The opinion of the court was delivered by: Judge Joan B. Gottschall
MEMORANDUM OPINION & ORDER
Plaintiff Sadat Abbas brought this putative class action against defendant Selling Source, LLC in the Circuit Court of Cook County, Illinois. Abbas alleges that Selling Source sent him and others like him unsolicited Short Message Service text messages ("SMS messages") from an "automatic telephone dialing system" in violation of the Telephone Consumer Protection Act of 1991, as enacted, 47 U.S.C. § 227 (the "TCPA"). Selling Source removed the suit, and the matter is presently before this court on Selling Source's Motion to Dismiss pursuant to Rule 12(b)(6) of the Federal Rules of Civil Procedure.*fn1 For the reasons stated within, the court grants Selling Source's motion to dismiss in part, and grants Abbas leave to re-plead consistent with this opinion.
Rule 12(b)(6) allows a defendant to seek dismissal of a complaint that fails to state a claim upon which relief can be granted. Fed R. Civ. P. 12(b)(6). In resolving a Rule 12(b)(6) motion, the court must "construe the complaint in the light most favorable to the plaintiff, accepting as true all well-pleaded facts alleged, and drawing all possible inferences in [the plaintiff's] favor." Tamayo v. Blagojevich, 526 F.3d 1074, 1081 (7th Cir. 2008). Legal conclusions, however, are not entitled to any assumption of truth. Ashcroft v. Iqbal, 556 U.S. ----, 129 S.Ct. 1937, 1040 (2009). To survive a Rule 12(b)(6) motion, "the complaint need only contain a 'short and plain statement of the claim showing that the pleader is entitled to relief.'" EEOC v. Concentra Health Servs., Inc., 496 F.3d 773, 776 (7th Cir. 2007) (quoting Fed. R. Civ. P. 8(a)(2)). However, the allegations must provide the defendant with "fair notice of what the . . . claim is and the grounds upon which it rests." Bell Atl. Corp. v. Twombly, 550 U.S. 544, 555 (2007) (citing Conley v. Gibson, 355 U.S. 41, 47 (1957)). The plaintiff generally need not plead particularized facts, but the factual allegations in the complaint must be sufficient to "state a claim to relief that is plausible on its face . . . ." Twombly, 550 U.S. at 570 .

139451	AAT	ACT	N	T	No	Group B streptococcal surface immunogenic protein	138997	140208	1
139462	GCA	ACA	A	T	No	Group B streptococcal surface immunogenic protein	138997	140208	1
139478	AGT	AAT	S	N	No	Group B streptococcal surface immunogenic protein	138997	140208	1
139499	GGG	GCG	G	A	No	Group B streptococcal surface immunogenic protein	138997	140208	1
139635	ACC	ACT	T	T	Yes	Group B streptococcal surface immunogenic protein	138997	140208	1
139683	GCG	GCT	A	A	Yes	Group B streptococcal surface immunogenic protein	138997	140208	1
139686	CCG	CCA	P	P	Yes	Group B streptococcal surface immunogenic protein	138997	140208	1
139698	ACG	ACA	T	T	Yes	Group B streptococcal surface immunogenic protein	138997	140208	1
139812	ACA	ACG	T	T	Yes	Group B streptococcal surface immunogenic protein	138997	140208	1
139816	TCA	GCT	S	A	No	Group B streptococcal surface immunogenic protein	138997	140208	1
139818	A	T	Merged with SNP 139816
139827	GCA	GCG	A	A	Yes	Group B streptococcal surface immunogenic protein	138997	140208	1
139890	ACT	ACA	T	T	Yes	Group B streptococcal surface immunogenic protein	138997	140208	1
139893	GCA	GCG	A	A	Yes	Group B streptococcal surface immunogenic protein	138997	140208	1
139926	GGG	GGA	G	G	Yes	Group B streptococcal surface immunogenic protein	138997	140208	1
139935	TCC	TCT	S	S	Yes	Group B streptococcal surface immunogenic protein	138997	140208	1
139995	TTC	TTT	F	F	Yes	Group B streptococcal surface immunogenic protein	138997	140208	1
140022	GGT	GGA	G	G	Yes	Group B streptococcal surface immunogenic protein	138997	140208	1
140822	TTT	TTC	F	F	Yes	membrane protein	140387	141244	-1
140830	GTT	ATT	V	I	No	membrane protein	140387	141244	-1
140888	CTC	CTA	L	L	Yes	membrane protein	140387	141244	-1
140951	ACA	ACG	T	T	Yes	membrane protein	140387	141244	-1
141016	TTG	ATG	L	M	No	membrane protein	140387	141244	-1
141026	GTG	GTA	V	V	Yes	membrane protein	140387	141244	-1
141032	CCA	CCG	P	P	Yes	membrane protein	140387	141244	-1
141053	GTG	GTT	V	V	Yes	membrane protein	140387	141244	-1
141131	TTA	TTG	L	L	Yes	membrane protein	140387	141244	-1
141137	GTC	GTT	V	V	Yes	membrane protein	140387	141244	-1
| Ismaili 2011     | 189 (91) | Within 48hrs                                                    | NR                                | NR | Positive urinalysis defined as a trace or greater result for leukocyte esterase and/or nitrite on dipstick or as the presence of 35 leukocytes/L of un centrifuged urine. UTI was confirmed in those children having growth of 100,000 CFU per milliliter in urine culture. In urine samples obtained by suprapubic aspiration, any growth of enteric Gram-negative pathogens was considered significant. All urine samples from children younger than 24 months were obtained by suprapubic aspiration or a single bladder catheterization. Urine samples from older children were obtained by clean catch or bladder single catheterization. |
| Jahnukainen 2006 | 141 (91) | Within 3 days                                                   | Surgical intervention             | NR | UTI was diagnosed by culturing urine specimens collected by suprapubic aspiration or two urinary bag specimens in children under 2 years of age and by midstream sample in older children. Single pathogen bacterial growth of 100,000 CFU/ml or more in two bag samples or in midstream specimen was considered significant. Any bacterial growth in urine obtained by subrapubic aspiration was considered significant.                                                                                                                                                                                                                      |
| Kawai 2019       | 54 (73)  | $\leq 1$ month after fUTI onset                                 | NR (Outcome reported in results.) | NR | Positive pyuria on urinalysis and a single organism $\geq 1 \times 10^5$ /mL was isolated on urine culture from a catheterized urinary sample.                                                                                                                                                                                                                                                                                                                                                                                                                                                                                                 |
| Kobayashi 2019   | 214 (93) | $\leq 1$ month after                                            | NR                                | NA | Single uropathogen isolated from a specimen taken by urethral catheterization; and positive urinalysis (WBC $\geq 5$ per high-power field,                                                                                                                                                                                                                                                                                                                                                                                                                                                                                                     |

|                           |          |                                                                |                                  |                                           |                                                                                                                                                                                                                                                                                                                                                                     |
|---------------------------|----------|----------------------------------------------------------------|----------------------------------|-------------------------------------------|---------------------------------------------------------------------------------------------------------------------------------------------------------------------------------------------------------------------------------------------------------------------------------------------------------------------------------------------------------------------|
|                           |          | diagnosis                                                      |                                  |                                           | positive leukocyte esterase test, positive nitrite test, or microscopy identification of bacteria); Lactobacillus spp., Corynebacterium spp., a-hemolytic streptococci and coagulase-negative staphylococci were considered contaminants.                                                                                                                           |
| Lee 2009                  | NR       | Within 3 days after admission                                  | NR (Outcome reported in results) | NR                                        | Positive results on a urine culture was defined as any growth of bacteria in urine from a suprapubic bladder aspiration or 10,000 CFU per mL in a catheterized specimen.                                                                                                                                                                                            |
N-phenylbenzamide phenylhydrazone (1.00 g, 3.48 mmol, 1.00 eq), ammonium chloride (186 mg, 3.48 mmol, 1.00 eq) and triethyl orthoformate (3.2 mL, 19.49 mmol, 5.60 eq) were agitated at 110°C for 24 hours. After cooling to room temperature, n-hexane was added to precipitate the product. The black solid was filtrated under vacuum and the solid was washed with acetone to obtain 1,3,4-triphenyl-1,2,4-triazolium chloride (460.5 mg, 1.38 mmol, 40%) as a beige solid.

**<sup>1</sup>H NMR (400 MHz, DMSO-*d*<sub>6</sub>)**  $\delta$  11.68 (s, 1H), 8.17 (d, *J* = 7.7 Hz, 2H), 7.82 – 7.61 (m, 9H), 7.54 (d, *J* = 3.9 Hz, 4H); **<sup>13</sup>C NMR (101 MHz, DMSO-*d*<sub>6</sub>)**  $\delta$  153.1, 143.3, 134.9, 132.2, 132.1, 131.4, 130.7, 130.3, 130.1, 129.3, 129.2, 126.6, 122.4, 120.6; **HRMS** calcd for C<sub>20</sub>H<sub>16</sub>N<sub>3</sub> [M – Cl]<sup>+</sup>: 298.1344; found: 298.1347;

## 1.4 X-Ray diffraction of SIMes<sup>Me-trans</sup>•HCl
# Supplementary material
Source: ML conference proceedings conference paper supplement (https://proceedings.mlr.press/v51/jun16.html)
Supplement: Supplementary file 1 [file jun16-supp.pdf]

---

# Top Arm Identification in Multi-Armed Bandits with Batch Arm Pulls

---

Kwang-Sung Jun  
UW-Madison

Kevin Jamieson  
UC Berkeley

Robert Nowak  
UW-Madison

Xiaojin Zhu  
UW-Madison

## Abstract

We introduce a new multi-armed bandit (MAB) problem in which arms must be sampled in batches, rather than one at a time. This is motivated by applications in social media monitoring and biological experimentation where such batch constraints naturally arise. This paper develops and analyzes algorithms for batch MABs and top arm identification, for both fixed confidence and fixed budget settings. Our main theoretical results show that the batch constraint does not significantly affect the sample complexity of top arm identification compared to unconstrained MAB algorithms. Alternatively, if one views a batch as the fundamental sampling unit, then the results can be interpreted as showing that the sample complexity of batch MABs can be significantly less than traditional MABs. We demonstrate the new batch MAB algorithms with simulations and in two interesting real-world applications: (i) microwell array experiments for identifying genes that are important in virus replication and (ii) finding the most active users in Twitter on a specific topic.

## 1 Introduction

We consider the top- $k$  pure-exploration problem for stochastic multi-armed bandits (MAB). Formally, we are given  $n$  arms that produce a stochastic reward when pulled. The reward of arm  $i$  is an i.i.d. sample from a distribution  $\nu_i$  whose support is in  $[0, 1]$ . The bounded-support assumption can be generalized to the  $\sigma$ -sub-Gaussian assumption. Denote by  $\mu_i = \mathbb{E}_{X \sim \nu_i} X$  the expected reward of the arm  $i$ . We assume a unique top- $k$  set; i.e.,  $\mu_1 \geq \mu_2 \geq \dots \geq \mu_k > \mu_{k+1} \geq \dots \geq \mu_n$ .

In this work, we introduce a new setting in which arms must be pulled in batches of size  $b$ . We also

The relevant portion of the TCPA provides as follows: It shall be unlawful for any person within the United States, or any person outside the United States if the recipient is within the United States-
(A) to make any call (other than a call made for emergency purposes or made with the prior express consent of the called party) using any automatic telephone dialing system or an artificial or prerecorded voice-
(iii) to any telephone number assigned to a paging service, cellular telephone service, specialized mobile radio service, or other radio common carrier service, or any service for which the called party is charged for the call[.]
47 U.S.C. § 227(b)(1) (2006). The statute further defines "automatic telephone dialing system" (the "ATDS") as "equipment which has the capacity--(A) to store or produce telephone numbers to be called, using a random or sequential number generator; and (B) to dial such numbers." Id. § 227(a)(1).
Selling Source urges that this court should dismiss Abbas's Complaint because:
(1) Abbas has failed to make a "a short and plain statement of the claim showing that the pleader is entitled to relief" as required by Rule 8(a)(2) of the Federal Rules of Civil Procedure, given the gloss of Twombly, 550 U.S. 544 and Iqbal, 129 S.Ct. 1937; (2) Abbas has failed to allege that he was charged for the SMS message he received, which Selling Source maintains is required to state a claim under the TCPA; (3) Abbas has failed to allege that the equipment that sent the subject SMS message was an ATDS; (4) the TCPA does not apply to SMS messages like the ones allegedly sent by Selling Source because a text message is not a "call" within the meaning of the statute and is not otherwise proscribed by the TCPA; (5) as applied, the TCPA would violate the First Amendment; and (6) as applied, the TCPA would be void for vagueness.